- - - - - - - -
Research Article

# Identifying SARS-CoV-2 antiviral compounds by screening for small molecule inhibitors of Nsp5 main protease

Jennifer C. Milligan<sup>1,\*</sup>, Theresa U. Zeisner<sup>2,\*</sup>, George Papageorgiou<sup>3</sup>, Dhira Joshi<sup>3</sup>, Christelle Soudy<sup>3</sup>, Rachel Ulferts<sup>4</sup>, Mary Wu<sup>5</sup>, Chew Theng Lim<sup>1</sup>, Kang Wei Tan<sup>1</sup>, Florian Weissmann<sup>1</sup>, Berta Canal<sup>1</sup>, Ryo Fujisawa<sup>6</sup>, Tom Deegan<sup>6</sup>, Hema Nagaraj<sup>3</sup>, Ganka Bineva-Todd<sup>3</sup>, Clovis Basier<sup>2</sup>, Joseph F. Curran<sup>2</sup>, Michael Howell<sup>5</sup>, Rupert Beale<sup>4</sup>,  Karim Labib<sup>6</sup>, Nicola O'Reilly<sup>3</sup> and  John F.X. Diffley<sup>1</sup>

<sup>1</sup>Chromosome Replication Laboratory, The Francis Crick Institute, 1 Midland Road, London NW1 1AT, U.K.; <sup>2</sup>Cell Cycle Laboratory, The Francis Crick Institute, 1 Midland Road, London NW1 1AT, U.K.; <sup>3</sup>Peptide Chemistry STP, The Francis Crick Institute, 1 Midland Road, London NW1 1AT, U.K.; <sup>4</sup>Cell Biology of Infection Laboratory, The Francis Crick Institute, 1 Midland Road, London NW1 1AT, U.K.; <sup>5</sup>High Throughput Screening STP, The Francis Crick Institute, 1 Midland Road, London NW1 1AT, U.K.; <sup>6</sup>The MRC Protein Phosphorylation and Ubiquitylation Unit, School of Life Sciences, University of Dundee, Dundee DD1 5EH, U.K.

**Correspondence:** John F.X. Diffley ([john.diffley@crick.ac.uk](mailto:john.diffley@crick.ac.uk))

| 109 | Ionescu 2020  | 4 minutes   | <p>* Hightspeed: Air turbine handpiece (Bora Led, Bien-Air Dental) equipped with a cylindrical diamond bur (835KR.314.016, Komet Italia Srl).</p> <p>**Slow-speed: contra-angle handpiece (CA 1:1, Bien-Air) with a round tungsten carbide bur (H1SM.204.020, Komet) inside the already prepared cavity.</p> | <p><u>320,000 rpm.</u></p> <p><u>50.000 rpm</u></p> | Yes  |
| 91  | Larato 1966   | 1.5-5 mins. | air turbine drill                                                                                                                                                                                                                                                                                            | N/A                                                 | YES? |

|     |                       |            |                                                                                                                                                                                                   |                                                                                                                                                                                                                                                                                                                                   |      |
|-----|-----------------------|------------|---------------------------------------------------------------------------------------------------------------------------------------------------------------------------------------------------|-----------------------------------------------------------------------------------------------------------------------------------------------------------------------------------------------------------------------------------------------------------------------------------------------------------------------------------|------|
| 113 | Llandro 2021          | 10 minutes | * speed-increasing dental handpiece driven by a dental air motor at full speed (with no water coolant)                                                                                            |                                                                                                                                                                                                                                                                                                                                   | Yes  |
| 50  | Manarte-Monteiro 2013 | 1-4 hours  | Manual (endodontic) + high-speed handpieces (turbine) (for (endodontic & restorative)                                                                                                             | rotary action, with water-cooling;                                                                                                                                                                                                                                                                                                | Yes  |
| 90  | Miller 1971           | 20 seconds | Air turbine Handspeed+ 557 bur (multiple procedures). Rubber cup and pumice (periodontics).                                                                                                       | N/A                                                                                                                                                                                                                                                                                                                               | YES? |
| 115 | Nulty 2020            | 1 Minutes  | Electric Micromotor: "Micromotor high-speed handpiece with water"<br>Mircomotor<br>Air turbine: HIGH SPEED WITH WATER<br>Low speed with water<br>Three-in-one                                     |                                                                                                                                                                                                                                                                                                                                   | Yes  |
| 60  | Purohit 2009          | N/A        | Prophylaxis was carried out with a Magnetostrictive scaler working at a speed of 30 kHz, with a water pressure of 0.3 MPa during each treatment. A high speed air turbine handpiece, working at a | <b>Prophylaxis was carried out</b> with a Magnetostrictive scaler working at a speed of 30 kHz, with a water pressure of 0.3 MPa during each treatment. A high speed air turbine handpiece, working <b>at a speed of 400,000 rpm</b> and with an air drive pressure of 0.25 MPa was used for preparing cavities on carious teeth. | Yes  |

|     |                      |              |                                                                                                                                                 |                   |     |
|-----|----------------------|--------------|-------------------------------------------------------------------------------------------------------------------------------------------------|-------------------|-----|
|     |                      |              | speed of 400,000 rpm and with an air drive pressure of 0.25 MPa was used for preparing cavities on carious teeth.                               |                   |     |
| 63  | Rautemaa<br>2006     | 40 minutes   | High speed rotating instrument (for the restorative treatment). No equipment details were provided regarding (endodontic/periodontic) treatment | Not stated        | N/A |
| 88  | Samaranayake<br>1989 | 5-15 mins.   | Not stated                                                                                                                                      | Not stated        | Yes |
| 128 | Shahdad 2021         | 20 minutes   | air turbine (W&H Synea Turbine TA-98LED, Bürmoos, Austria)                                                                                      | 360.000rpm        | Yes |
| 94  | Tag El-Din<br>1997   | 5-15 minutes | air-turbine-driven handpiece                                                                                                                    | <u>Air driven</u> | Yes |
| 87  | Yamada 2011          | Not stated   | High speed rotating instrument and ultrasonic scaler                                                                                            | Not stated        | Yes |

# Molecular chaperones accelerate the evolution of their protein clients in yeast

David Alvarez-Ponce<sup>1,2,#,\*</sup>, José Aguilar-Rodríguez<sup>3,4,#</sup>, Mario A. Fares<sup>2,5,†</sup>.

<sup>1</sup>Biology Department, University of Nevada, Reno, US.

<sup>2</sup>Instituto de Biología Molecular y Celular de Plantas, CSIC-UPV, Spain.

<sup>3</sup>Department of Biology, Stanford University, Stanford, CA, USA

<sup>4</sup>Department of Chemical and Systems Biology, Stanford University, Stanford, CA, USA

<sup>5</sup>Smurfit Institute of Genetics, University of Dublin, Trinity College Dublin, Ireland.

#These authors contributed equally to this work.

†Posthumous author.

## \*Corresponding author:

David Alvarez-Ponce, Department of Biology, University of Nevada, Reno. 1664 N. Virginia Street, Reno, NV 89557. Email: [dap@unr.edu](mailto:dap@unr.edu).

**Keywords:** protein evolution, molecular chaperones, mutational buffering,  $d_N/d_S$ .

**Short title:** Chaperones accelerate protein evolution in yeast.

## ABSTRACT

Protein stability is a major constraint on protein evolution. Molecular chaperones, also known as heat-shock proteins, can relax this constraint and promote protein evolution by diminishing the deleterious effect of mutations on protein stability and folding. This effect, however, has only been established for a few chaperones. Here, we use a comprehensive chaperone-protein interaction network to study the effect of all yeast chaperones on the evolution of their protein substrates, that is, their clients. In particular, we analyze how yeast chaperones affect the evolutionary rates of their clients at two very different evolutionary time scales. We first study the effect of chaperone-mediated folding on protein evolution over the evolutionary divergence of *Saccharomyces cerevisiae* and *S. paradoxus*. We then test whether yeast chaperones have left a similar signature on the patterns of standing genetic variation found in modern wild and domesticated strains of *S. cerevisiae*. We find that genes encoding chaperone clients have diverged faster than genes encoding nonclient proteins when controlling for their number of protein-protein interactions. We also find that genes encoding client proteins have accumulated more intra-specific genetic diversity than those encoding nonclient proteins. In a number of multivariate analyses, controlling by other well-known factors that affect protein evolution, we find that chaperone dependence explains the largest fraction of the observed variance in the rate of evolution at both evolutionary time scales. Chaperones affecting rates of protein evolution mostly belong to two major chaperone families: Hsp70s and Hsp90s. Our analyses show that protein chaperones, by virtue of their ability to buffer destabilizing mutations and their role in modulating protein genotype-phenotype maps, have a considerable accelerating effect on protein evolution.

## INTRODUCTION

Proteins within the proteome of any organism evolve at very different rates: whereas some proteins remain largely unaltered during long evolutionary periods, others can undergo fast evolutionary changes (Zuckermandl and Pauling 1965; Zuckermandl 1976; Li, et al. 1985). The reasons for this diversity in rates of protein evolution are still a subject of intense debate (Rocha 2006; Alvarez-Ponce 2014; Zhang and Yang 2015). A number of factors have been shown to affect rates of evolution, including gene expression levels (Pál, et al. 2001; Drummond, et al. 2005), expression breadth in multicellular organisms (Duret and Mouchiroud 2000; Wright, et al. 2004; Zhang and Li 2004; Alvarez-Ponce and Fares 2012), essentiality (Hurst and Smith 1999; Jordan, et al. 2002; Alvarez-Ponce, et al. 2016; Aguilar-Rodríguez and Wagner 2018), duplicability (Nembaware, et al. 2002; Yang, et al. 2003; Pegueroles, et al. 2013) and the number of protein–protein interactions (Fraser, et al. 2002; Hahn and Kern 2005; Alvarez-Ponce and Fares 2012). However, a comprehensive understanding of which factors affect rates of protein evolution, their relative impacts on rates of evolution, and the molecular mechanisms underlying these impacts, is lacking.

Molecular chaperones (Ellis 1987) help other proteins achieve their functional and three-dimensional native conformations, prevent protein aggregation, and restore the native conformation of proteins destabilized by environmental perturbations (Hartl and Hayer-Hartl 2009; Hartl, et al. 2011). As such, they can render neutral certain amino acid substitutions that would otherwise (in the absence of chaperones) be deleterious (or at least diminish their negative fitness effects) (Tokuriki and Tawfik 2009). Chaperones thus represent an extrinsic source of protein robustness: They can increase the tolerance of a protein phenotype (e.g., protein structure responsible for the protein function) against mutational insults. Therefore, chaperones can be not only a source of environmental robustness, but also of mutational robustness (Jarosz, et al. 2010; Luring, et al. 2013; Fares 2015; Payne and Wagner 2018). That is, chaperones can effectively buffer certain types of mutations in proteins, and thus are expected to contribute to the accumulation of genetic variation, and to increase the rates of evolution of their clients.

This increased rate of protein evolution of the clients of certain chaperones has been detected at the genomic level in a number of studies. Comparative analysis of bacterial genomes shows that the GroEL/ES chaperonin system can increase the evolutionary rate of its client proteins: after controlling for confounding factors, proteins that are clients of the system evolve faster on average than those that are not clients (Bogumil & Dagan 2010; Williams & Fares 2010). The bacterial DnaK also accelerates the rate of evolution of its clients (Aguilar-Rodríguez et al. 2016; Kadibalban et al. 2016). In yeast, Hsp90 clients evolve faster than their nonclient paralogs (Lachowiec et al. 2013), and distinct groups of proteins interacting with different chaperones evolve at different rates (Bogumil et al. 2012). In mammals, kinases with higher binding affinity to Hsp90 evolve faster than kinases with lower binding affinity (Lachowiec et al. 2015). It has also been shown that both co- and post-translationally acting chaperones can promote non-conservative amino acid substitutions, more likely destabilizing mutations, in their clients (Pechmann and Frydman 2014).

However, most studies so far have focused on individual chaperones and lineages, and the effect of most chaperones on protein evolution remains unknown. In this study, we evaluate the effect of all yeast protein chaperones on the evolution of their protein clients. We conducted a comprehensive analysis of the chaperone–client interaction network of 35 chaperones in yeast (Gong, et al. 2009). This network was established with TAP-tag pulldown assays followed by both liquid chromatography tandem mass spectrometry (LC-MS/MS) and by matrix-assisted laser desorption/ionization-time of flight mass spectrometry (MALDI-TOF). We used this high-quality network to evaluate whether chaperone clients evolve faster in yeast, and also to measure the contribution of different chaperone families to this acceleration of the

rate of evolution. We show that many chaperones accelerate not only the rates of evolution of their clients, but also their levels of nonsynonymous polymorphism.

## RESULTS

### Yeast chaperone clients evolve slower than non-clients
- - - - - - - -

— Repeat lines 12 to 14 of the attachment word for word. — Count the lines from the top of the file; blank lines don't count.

| 90  | Miller 1971           | 20 seconds | Air turbine Handspeed+ 557 bur (multiple procedures). Rubber cup and pumice (periodontics).                                                                                                       | N/A                                                                                                                                                                                                                                                                                                                               | YES? |
| 115 | Nulty 2020            | 1 Minutes  | Electric Micromotor: "Micromotor high-speed handpiece with water"<br>Mircomotor<br>Air turbine: HIGH SPEED WITH WATER<br>Low speed with water<br>Three-in-one                                     |                                                                                                                                                                                                                                                                                                                                   | Yes  |
| 60  | Purohit 2009          | N/A        | Prophylaxis was carried out with a Magnetostrictive scaler working at a speed of 30 kHz, with a water pressure of 0.3 MPa during each treatment. A high speed air turbine handpiece, working at a | <b>Prophylaxis was carried out</b> with a Magnetostrictive scaler working at a speed of 30 kHz, with a water pressure of 0.3 MPa during each treatment. A high speed air turbine handpiece, working <b>at a speed of 400,000 rpm</b> and with an air drive pressure of 0.25 MPa was used for preparing cavities on carious teeth. | Yes  |